The next day, after providing supportive measures, his vital signs stabilized and he became more responsive, and even following simple commands. Yet he still has significant neurologic deficits due to the devastating stroke.

The patient’s son who was the power-of-attorney, talked to me and showed me his father’s living will, which specifically detailed that in case he had an “irreversible condition,” he does not want to be on any form of life support including artificial nutrition, like tube feedings or even intravenous fluids.

I assessed that with the severity of the stroke, the likelihood of “good” recovery was doubtful. My projection was that he would never live independently again, would most likely be nursing home-bound, and definitely would not be the same person that they know. In addition, he could even get worse as the swelling of the brain increase. No question, I painted a grim scenario.

After hearing my assessment, the patient’s son and family, were ready to call hospice and just make the patient comfort cares. The son told me that his father, for sure would not like to live a life with such a poor quality as I have projected. Though I told them, that the neurologist whom I consulted have not seen the patient yet, and perhaps they should wait on what he has to say.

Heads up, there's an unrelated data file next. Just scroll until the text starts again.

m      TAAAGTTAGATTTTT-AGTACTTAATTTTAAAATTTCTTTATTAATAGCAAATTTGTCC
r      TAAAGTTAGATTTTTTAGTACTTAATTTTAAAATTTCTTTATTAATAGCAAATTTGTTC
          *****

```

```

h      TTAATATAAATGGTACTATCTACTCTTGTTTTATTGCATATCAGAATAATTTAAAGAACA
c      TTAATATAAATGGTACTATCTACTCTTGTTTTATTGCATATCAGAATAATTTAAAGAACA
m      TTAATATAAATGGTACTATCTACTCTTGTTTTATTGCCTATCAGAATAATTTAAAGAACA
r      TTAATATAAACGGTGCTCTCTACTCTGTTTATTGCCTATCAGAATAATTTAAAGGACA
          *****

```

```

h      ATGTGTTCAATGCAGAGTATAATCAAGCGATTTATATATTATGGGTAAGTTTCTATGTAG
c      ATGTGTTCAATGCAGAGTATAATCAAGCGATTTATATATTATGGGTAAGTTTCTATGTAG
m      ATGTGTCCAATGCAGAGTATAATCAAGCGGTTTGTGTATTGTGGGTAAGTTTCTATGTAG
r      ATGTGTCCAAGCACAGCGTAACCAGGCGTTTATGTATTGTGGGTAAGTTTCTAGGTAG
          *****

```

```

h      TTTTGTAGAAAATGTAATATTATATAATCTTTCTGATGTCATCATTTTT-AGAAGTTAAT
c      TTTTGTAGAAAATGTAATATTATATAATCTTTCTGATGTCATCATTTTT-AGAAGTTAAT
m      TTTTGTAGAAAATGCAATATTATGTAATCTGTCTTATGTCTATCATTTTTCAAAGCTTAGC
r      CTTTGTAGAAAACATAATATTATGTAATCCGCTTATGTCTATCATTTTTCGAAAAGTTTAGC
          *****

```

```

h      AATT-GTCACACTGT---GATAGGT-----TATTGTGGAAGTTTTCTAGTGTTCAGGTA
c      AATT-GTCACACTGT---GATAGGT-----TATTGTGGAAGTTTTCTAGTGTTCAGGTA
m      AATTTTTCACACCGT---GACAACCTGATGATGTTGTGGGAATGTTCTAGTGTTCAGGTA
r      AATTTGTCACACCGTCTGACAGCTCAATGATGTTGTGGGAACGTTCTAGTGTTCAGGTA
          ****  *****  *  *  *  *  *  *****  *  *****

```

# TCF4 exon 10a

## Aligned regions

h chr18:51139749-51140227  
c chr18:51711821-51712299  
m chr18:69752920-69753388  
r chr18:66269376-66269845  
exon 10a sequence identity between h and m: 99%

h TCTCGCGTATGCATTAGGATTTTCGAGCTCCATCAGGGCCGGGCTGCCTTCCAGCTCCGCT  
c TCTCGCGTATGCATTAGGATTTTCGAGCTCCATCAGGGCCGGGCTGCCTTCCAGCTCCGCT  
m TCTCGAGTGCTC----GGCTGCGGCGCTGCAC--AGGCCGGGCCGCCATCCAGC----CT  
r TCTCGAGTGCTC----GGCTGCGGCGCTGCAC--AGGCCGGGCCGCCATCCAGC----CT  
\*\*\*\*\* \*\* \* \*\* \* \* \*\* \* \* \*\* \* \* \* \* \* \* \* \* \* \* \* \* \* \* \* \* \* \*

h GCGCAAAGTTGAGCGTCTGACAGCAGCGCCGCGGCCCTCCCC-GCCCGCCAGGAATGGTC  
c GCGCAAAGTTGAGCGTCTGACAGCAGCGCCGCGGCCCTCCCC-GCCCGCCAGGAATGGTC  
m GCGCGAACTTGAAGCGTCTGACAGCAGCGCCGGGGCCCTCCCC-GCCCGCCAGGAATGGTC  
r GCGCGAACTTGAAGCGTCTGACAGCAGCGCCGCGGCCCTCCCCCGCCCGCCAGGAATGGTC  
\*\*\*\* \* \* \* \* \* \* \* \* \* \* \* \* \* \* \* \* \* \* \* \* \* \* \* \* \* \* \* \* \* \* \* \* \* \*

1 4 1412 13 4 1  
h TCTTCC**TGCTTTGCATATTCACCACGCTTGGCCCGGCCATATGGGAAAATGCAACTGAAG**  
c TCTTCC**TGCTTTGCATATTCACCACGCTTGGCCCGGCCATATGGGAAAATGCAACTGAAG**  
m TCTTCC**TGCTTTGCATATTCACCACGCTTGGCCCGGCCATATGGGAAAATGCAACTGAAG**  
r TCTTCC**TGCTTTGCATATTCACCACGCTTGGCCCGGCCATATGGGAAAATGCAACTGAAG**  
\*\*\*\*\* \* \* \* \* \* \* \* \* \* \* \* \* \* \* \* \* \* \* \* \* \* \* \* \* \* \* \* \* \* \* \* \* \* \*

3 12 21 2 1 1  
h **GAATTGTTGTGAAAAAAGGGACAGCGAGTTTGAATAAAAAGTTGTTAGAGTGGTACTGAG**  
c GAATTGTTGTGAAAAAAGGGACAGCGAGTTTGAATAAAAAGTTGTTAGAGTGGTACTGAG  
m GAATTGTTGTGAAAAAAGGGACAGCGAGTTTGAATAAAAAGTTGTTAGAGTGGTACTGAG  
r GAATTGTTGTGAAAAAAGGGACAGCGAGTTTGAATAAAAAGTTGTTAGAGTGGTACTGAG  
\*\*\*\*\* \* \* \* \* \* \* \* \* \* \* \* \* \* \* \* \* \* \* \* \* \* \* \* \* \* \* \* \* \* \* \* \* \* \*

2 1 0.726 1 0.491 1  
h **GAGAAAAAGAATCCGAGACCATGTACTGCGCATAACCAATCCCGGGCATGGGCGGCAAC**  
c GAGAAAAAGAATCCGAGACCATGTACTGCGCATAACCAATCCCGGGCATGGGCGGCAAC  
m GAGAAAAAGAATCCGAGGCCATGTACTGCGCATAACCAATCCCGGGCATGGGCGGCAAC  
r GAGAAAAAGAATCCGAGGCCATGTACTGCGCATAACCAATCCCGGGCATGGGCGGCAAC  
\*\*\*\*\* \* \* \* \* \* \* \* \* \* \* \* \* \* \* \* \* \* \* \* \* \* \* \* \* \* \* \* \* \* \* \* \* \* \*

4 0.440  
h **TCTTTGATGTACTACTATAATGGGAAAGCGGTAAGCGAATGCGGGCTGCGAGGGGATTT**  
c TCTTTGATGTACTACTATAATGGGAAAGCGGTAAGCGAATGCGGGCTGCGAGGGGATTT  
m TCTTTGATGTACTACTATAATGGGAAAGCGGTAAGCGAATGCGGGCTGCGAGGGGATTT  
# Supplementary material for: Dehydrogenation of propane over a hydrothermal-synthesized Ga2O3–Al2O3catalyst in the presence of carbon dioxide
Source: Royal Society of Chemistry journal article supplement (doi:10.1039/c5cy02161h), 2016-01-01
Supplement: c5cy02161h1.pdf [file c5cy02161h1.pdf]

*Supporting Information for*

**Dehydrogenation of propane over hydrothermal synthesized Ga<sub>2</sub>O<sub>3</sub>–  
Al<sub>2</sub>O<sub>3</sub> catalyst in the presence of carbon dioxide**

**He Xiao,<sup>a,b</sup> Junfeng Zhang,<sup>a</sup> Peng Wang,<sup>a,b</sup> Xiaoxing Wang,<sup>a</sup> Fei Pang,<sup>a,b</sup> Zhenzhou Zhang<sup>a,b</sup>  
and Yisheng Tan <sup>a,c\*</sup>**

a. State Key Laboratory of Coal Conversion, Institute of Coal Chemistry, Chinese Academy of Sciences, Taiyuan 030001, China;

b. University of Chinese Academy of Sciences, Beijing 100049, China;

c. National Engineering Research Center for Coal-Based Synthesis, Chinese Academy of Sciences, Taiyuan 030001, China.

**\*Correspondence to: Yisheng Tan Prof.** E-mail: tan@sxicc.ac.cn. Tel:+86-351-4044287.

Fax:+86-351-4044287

Not long after, the neurologist came. He extensively reviewed the CT scan of the head, and he made a careful and detailed neurological examination of the patient, as he tried to evoke even obscure reflexes that I can only read in the medical textbook. After his evaluation, the neurologist, the patient’s son, and me, went in a room for a conference.

The neurologist explained that with his estimation, even though the stroke was large, since it involved the non-dominant side of the brain and mostly the frontal lobe, he believes that the patient can still have a “meaningful” recovery. In addition, since the acute stroke was a few days ago, he thinks that the swelling was on its way down, and perhaps we were already past the worst phase. He backed this with his expert knowledge of brain anatomy and function.